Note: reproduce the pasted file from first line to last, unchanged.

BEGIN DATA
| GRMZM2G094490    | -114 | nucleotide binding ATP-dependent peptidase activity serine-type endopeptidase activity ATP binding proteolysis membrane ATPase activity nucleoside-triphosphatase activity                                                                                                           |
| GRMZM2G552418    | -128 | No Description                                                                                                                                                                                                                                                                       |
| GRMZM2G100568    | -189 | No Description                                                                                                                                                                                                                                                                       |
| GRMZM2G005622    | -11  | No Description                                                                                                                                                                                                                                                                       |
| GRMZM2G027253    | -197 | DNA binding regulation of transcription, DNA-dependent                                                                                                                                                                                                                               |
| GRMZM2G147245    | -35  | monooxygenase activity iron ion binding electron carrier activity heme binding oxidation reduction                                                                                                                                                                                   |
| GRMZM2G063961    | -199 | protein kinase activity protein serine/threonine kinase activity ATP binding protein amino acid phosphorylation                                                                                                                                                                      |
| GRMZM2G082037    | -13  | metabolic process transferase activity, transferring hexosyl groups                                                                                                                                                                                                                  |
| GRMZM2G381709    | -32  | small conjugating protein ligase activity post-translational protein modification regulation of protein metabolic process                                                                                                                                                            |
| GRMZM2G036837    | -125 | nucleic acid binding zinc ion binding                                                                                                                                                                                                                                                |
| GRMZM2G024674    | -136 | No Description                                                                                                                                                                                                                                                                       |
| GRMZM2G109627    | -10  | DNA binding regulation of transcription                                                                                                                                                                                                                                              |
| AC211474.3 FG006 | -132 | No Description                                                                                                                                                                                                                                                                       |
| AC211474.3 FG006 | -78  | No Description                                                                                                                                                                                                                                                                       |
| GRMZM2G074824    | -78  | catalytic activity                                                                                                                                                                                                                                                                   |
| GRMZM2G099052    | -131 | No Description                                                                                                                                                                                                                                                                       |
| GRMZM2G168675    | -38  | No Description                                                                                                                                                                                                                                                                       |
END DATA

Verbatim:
| GRMZM2G094490    | -114 | nucleotide binding ATP-dependent peptidase activity serine-type endopeptidase activity ATP binding proteolysis membrane ATPase activity nucleoside-triphosphatase activity                                                                                                           |
| GRMZM2G552418    | -128 | No Description                                                                                                                                                                                                                                                                       |
| GRMZM2G100568    | -189 | No Description                                                                                                                                                                                                                                                                       |
| GRMZM2G005622    | -11  | No Description                                                                                                                                                                                                                                                                       |
| GRMZM2G027253    | -197 | DNA binding regulation of transcription, DNA-dependent                                                                                                                                                                                                                               |
| GRMZM2G147245    | -35  | monooxygenase activity iron ion binding electron carrier activity heme binding oxidation reduction                                                                                                                                                                                   |
| GRMZM2G063961    | -199 | protein kinase activity protein serine/threonine kinase activity ATP binding protein amino acid phosphorylation                                                                                                                                                                      |
| GRMZM2G082037    | -13  | metabolic process transferase activity, transferring hexosyl groups                                                                                                                                                                                                                  |
| GRMZM2G381709    | -32  | small conjugating protein ligase activity post-translational protein modification regulation of protein metabolic process                                                                                                                                                            |
| GRMZM2G036837    | -125 | nucleic acid binding zinc ion binding                                                                                                                                                                                                                                                |
| GRMZM2G024674    | -136 | No Description                                                                                                                                                                                                                                                                       |
| GRMZM2G109627    | -10  | DNA binding regulation of transcription                                                                                                                                                                                                                                              |
| AC211474.3 FG006 | -132 | No Description                                                                                                                                                                                                                                                                       |
| AC211474.3 FG006 | -78  | No Description                                                                                                                                                                                                                                                                       |
| GRMZM2G074824    | -78  | catalytic activity                                                                                                                                                                                                                                                                   |
| GRMZM2G099052    | -131 | No Description                                                                                                                                                                                                                                                                       |
| GRMZM2G168675    | -38  | No Description                                                                                                                                                                                                                                                                       |